As both Thailand and The Netherlands know from experience, living in flood prone areas is living with risks. On my first visit to Thailand in my role as Minister in charge of flood protection and water management, I will be looking at where Thailand and The Netherlands can exchange best practices on flood protection, mitigation and forecasting.
Because of the vulnerability of The Netherlands - 40 % of our surface lies beneath selevel (hence the name ‘Nether Lands’ = low lying land),it has developed and applied extensive expertise in integrated watermanagement incorporating advanced expertise on water, soil and ground-water issues. Just driven by bare needs and the pro-active approach it has taken already for centuries.
Our expertise is not restricted to The Netherlands. It has successfully been applied in, for instance, USA, Australia, UK, Brazil, South Korea, Mekong Delta, Hong Kong, Singapore, and Jakarta.
Today I can say The Netherlands is a safe place to live and to work, which is vital for our economy and the wellbeing of the people. We are protected by natural dunes and engineered levees and other barriers.
Behind those barriers you find 10 million people and 2000 billion EUR(80 trillion THB) invested capital. Just like in Thailand, the thoroughly designed and maintained 3500 km of Dutch flood defenses, hundreds of locks, sluices and pumping stations are of the utmost importance to the survival of our country and its economy.
In the Netherlands the government has given itself a legal obligation to protect against the floods (Water Act). Our history has taught us that a dedicated governance structure and strong, non-politicized agencies are needed to protect our country against floods. On the central level these agencies are the ministries and on the regional level dedicated water boards, municipalities (sewerage) and provinces (spatial planning). The Flood Protection Act dictates the responsibilities of the parties involved, a 5 year safety assessment of all primary flood defenses and safety standards per area enclosed by flood barriers, the so-called “dike ring” areas. We live in a well-protected country but as one can imagine the work is never completed. There will always be work to do in the areas of maintenance of flood defenses, emergency management, evacuation plans, sustainable flood proof spatial planning and building, prevention of flooding or at least its reduction of probability of flooding and its consequences. The development of an integrated national action plan involving all stakeholders, looking at the future, and making use of best practices, knowledge and tools has in our own experience and in the cases where we have assisted other countries proved to be a necessary first step.
The Netherlands, just like Thailand, learned its lessons the hard way. For a very long time large plans were implemented only in response to a disaster. In 1993 and 1995 The Netherlands was confronted with high water levels in our river systems due to wrong spatial planning. This time, land use planning proved to be of the greatest importance. Creating “Room for the Rivers” was the solution. Many measures were implemented to remove obstacles we previously erected ourselves. It was thus realized that building dikes is not always thebest solution. Furthermore, a dike is as strong as it weakest part. Higher dikes may even give a false sense of security.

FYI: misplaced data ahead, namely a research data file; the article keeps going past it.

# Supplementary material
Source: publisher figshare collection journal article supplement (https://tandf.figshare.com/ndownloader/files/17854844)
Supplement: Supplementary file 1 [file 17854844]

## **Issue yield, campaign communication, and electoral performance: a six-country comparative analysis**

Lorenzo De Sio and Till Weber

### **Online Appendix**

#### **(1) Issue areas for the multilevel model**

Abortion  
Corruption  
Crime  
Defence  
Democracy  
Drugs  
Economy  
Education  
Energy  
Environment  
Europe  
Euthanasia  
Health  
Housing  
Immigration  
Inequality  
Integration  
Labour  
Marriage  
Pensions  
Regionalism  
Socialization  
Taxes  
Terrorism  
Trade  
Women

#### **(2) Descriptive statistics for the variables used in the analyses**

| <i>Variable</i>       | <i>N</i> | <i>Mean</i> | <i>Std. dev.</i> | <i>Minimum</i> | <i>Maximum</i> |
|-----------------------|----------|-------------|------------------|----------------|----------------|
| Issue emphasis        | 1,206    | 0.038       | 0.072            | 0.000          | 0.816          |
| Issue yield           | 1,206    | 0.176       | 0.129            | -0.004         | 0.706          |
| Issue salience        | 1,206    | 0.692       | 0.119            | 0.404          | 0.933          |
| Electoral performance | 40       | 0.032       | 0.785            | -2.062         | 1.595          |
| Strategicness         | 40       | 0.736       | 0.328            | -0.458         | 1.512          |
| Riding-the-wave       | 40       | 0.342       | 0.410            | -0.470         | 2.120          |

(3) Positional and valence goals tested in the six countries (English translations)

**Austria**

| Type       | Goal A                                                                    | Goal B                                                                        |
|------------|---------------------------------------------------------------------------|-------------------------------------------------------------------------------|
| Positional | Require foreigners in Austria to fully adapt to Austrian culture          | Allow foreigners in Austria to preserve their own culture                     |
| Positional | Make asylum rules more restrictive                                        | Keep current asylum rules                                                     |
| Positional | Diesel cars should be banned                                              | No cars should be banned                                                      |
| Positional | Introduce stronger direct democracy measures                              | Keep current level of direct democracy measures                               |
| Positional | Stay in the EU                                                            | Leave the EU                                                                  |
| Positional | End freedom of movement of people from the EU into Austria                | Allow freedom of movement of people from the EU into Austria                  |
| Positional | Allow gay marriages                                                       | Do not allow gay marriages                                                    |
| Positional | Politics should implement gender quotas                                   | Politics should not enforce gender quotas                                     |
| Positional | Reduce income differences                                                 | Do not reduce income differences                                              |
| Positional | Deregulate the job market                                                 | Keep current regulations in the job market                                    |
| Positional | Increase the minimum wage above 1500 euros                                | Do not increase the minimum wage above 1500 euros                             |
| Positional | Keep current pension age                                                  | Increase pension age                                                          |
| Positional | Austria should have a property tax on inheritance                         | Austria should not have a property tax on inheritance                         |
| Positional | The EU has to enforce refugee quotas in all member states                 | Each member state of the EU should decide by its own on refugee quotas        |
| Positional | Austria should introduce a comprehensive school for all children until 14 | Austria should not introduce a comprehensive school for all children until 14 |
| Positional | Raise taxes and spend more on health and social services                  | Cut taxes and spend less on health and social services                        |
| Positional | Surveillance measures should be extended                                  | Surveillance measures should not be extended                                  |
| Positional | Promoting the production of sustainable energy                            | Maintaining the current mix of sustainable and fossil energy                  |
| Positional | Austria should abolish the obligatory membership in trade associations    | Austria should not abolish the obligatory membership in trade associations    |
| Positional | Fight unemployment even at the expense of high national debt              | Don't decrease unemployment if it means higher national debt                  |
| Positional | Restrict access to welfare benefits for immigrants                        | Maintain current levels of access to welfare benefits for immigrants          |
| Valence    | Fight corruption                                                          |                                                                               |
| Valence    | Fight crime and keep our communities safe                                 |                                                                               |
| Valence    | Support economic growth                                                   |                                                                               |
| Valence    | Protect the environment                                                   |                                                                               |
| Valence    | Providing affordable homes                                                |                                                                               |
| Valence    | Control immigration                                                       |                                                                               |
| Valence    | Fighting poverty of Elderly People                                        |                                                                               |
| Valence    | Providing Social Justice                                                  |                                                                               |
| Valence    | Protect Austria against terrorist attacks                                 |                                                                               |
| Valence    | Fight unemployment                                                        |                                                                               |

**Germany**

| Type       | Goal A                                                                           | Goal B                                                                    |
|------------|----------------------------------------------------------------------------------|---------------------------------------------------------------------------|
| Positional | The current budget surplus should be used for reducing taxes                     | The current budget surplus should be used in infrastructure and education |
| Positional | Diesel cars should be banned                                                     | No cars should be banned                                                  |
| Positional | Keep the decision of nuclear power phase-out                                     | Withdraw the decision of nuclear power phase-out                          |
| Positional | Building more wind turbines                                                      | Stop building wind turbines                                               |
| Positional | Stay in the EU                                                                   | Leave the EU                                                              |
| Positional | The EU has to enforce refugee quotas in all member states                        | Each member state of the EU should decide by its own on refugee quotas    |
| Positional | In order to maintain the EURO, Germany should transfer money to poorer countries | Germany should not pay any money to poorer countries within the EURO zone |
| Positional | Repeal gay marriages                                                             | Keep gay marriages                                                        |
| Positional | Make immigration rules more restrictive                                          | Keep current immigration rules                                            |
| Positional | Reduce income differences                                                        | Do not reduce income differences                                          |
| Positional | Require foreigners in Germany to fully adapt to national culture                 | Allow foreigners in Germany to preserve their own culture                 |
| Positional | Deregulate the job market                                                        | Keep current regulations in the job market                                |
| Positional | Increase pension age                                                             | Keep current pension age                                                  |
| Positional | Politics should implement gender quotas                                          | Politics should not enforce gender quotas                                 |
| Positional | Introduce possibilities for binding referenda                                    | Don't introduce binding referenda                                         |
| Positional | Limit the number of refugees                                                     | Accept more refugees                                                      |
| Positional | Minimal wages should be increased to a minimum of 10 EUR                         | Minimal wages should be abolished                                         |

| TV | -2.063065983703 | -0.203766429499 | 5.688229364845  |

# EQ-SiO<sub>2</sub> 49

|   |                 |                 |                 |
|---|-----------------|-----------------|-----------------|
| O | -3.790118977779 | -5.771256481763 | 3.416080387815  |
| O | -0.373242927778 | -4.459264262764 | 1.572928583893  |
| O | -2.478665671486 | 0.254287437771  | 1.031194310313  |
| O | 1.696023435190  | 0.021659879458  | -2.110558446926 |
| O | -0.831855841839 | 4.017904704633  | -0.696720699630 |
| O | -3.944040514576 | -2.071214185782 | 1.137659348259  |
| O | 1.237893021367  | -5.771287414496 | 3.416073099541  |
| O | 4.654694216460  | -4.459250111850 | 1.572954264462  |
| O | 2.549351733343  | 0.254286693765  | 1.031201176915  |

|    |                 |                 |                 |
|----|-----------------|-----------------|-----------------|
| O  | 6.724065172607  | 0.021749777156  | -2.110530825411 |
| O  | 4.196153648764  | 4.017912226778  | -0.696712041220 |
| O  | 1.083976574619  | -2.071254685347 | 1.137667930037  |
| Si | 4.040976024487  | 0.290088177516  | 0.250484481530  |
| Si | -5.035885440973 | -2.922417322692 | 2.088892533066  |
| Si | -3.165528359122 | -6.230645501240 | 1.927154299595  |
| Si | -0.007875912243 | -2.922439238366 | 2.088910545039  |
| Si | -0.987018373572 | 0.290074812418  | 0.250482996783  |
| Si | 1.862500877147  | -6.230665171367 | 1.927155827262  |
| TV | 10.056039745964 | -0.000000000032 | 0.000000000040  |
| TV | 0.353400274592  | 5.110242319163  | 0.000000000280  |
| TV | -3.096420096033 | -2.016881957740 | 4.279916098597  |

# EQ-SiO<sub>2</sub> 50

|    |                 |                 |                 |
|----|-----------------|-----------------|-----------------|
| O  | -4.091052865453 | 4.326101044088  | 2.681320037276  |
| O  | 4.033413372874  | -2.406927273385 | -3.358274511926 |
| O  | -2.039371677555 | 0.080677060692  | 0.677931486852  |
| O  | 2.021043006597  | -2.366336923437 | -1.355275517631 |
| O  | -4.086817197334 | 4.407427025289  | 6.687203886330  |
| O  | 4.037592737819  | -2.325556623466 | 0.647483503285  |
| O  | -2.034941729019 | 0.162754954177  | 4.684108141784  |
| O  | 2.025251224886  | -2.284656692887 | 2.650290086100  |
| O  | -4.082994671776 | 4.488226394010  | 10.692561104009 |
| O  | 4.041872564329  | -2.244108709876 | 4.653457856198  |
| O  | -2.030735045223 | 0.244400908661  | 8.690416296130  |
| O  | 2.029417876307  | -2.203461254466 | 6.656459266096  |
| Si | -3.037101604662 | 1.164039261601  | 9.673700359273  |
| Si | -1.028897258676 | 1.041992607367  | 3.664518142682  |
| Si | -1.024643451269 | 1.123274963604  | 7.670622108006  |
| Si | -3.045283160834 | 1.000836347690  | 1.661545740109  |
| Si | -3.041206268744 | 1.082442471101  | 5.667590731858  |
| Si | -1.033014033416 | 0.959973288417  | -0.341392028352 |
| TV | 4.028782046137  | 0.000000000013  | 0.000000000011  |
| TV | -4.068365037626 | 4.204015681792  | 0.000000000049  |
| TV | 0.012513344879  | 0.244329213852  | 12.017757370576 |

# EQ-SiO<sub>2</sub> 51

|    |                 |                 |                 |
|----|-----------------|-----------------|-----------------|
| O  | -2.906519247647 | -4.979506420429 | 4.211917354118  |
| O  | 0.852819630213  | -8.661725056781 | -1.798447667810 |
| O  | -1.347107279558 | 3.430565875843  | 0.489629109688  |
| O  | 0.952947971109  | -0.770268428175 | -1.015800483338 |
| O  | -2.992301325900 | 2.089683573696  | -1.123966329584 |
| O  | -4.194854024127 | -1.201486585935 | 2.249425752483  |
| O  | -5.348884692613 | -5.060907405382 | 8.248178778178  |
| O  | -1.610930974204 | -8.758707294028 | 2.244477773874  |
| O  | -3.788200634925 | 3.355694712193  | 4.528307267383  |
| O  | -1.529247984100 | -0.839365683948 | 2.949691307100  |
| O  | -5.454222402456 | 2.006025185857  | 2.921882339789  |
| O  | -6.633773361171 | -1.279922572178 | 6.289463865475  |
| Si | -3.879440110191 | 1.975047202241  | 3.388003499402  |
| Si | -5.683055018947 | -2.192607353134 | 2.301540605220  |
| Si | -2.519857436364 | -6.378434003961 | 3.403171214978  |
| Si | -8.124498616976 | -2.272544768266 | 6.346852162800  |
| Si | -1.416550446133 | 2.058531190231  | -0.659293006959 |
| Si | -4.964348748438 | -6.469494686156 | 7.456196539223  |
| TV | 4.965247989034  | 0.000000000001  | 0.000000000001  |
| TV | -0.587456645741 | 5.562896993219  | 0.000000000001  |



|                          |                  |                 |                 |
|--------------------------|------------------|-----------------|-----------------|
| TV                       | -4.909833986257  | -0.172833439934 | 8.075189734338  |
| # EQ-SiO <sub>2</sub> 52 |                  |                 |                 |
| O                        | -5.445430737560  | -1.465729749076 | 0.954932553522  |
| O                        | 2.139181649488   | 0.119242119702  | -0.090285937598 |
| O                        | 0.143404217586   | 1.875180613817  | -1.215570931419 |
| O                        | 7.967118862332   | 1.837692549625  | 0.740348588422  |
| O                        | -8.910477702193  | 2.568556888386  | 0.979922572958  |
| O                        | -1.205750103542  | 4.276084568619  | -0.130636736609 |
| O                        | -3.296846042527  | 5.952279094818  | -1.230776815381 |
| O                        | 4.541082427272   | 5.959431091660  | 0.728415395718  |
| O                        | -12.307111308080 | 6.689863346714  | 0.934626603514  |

We also learn from experiences elsewhere. In 2005, the Katrina disaster in New Orleans woke us up once again to the need and value of a pro-active approach to flood management. The government then started a new Delta Program, as of now unique in the world and with a horizon up to the year 2100, to develop a new integrated national action plan with robust and flexible strategies for adaptive delta management. The Delta Program leads to measures that can cope with different possible impacts of climate change and socio-economic and spatial development.
We are always on the lookout for innovative solutions and we are eager to learn and to share. Nowadays, we build with nature, rather than against nature. We develop and use new technologies such as a natural development of coastal defenses, sensors integrated in dike body, integration of information systems in flood war rooms, keep fresh and salt water separated using bubble-screens, etc. We also use flood early warning and advanced flood modeling like a tool. Moreover, I would like to emphasize that The Netherlands is willing to cooperate, to build on what exists and complement ongoing efforts of others (such as those of, for example, Japan).
Our response to our past disasters and our proactive approach to flood management made us stronger and more resilient and has provided security to our economic development and population.
Thailand has long been a key partner of The Netherlands and we want to build on these mutual ties and respective strengths. Closer cooperation on water management could be one way to further enhance this relationship and that’s what I want to convey during this visit to government, industries and Thai society.